CommentaryConnexionOPINION

Connexion: Kledang Hill and the long-term pain

By Joachim Ng

Kledang Hill. Scouts with knapsack on their backs and a song in the air would trek up its slopes, dip in the bubbly spring water, and gaze fondly at Ipoh city from the cool heights. But lately when the scouts had left, bigger boys came and cleared 10 hectares of the forest for oil palm and housing.

The Perak State Government has been rapped for allowing hill deforestation that may cause environmental damage to Kinta Valley. But it’s necessary to know that every government in the world looks at development in terms of its own lifespan. Elected officials hold a mandate to govern for one term. To win another term they have to produce statistics that show economic gain.

A 3-term stretch is usually the max, as the young ones are eager to move up. You want to go away too, so as to enjoy your lucrative pension. Inevitably, all governments plump for mid-term gain with a planning horizon of 15 years to harvest the fruits within their lifespan in office.

But environmental conservation requires long-term planning with a 50-year horizon. Although the world received the first piece of confirmed news from scientists 50 years ago that the global climate was changing, unsurprisingly no government took action. Mid-term gain versus long-term pain: if you’re on the campaign trail, what’s your choice? Any politician will feel obliged to deliver mid-term economic gain that can be enjoyed now, and let our grandchildren manage the long-term pain accruing from climate damage.

Unfortunately, WE are the grandchildren because it was 50 years ago that our grandfathers received the first news of global warming. We are the first generation that has to live with the consequences of climate change.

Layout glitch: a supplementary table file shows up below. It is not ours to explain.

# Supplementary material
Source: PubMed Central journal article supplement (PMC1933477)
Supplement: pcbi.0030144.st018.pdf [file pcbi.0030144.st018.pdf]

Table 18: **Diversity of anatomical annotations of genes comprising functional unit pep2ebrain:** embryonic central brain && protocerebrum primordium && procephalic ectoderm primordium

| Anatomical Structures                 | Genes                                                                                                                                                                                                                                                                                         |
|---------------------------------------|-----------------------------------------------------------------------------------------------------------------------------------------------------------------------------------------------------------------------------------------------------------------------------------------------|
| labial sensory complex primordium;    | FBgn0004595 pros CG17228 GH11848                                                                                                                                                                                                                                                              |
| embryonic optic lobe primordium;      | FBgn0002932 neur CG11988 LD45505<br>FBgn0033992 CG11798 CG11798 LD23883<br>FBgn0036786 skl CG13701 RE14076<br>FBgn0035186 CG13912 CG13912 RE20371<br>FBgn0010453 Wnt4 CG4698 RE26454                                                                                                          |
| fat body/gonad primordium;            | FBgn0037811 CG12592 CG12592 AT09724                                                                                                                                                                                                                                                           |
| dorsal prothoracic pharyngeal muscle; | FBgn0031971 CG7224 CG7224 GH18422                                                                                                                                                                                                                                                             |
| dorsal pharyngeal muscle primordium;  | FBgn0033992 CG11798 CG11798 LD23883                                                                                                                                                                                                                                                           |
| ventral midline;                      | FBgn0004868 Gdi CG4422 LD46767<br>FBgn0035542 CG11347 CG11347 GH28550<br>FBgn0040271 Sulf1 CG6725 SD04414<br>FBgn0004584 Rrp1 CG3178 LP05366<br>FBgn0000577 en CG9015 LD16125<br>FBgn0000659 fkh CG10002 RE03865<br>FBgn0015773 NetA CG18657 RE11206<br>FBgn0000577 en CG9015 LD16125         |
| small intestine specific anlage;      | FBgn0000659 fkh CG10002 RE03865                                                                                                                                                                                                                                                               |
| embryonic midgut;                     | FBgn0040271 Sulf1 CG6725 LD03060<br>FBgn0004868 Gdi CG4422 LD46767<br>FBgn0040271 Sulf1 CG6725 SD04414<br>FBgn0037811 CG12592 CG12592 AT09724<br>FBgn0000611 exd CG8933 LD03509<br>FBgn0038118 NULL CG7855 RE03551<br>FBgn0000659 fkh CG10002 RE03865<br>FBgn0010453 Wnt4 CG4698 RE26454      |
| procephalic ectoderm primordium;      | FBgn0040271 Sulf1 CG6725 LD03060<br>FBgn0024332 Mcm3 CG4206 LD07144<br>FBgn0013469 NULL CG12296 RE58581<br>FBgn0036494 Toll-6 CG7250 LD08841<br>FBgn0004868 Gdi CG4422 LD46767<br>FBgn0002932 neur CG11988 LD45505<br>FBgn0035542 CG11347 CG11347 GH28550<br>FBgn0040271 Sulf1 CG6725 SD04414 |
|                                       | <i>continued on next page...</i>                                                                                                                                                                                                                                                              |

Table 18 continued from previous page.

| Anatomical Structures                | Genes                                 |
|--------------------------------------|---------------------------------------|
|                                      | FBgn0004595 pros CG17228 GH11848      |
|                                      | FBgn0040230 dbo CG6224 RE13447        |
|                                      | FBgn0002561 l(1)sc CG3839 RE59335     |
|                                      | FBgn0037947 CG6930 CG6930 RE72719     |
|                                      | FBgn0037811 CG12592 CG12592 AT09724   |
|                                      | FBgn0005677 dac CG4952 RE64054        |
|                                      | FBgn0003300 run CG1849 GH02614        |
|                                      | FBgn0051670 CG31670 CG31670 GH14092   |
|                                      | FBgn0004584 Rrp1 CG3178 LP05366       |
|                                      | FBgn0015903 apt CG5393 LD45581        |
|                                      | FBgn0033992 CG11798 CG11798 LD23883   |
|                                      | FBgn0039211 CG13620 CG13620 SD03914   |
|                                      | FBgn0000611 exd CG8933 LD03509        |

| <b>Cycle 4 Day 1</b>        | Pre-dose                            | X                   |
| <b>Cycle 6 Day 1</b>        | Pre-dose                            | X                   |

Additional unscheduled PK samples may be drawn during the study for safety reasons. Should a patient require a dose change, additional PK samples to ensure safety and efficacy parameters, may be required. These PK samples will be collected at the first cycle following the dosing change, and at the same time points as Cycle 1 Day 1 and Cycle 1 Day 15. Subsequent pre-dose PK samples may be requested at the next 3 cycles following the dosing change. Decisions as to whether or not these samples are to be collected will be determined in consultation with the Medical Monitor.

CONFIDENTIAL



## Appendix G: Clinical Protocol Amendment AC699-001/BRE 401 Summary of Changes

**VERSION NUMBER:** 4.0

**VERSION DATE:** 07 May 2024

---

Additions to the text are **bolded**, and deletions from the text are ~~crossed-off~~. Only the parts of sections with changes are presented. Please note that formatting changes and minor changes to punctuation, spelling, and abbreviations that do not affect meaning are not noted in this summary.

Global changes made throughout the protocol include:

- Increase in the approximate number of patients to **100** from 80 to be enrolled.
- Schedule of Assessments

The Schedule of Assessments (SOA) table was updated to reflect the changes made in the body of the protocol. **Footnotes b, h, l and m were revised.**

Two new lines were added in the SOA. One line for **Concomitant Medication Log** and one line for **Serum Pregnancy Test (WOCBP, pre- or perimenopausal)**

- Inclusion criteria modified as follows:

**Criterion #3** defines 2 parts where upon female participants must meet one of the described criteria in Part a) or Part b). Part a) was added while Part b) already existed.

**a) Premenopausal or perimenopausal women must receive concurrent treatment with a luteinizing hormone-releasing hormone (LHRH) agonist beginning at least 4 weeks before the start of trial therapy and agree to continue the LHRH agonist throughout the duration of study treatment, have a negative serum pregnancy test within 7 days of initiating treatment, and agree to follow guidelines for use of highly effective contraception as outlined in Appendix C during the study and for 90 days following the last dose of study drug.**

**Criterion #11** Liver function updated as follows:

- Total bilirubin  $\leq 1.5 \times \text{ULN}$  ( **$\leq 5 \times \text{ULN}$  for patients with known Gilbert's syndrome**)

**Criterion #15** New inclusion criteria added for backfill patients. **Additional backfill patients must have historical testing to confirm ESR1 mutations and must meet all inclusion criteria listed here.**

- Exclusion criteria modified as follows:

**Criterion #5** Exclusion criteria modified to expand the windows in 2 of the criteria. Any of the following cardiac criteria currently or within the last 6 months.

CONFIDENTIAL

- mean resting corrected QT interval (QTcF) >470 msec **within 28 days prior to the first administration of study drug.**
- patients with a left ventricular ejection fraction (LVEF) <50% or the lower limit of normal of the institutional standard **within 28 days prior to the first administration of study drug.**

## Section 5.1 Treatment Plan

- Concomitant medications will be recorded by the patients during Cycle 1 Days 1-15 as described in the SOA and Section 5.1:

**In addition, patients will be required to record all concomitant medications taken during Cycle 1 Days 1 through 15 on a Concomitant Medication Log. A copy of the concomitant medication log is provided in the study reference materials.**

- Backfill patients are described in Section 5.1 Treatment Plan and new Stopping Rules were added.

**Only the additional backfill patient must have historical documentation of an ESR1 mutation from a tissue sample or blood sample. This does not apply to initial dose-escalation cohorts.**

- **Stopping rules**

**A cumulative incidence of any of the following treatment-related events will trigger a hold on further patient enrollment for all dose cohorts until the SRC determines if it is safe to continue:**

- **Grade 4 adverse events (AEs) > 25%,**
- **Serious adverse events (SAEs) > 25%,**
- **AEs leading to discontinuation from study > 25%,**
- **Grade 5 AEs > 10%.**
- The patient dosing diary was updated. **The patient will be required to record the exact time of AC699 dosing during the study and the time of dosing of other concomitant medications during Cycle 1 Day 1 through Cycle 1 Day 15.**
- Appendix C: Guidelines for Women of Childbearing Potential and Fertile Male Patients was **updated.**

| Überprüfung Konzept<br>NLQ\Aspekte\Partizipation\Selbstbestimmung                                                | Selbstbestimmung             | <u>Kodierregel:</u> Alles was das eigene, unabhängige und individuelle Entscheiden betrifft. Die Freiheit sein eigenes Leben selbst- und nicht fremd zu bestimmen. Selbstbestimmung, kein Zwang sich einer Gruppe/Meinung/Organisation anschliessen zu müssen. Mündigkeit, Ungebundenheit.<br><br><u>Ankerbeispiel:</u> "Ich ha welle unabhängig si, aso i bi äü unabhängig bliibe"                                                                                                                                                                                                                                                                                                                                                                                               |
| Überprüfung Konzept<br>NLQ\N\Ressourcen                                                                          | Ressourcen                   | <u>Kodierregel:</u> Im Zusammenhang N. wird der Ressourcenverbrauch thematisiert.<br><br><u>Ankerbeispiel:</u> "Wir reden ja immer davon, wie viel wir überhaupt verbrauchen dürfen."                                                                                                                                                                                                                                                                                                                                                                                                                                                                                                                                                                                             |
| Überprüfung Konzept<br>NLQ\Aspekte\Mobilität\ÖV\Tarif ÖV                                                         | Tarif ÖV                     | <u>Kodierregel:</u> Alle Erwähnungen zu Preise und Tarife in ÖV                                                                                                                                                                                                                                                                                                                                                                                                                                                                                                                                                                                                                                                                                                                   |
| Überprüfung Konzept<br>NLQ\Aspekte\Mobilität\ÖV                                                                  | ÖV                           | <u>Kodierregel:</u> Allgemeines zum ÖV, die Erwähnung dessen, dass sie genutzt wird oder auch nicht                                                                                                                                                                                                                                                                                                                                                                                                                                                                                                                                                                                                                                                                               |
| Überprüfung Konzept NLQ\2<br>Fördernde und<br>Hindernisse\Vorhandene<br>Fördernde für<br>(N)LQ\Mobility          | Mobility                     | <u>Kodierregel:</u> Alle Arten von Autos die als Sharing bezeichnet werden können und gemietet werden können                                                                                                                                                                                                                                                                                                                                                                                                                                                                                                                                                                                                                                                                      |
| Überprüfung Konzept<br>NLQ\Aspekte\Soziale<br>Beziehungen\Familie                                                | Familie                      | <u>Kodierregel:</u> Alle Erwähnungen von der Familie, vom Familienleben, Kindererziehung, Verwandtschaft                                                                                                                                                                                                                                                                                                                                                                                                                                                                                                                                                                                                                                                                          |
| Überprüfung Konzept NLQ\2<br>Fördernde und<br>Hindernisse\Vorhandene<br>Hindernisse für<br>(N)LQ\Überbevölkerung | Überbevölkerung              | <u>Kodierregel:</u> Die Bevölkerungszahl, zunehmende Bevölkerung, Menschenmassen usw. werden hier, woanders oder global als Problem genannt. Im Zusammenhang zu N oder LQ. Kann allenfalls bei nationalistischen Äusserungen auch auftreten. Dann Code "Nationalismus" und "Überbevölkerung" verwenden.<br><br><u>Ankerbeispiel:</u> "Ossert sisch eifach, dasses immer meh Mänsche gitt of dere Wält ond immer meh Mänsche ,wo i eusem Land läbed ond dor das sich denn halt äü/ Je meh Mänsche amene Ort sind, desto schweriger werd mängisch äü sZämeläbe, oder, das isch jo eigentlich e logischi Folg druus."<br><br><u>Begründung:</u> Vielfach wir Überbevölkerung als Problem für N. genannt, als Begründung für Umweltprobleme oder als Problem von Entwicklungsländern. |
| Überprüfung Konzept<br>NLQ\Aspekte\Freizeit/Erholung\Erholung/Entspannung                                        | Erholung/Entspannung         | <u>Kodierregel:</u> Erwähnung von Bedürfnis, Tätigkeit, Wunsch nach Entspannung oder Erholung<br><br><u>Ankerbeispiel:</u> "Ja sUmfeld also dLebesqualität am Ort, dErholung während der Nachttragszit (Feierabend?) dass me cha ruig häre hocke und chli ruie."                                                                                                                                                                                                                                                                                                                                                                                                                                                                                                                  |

What can 10 hectares of jungle trees do for you? They absorb 65 tons of carbon dioxide a year and that helps keep Ipoh temperatures below 40 degrees C. These 10 hectares of jungle trees also produce one day’s supply of fresh oxygen for 1,200 people and keep them out of hospital. Jungle trees have deep roots that hold the earth together and contain subsurface water after rainfall, thus preventing soil erosion and valley floods.

Of course, jungle trees also bring wealth after they are felled. And the cleared land can produce crops. This is where tree felling may get out of hand. If you clear 100 hectares, your economic gain is 10 times larger if we just stick to simple multiplication. But with balding hills, Kinta Valley will start experiencing floods — just like Klang Valley.

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Joachim Ng

A veteran interfaith researcher and science enthusiast, Joachim Ng has acquired more than 45 years of research experience in studying the world's scriptures and harmonising them with latest scholarly findings in many disciplines especially science and spirituality. In the 1980s, he penned a weekly interfaith column that won him a Promotion of Unity award from the Malaysian Press Institute. In addition to five earlier books, he has delivered papers at international conferences held in New York, Los Angeles, Seoul, Bangkok, Jakarta, Kuala Lumpur and Assisi near Rome. A Master's degree holder from the University of Hull, UK, he is a former chairman of the Interfaith Spiritual Fellowship and the recipient of an Ambassador for Peace award conferred by the Universal Peace Federation.

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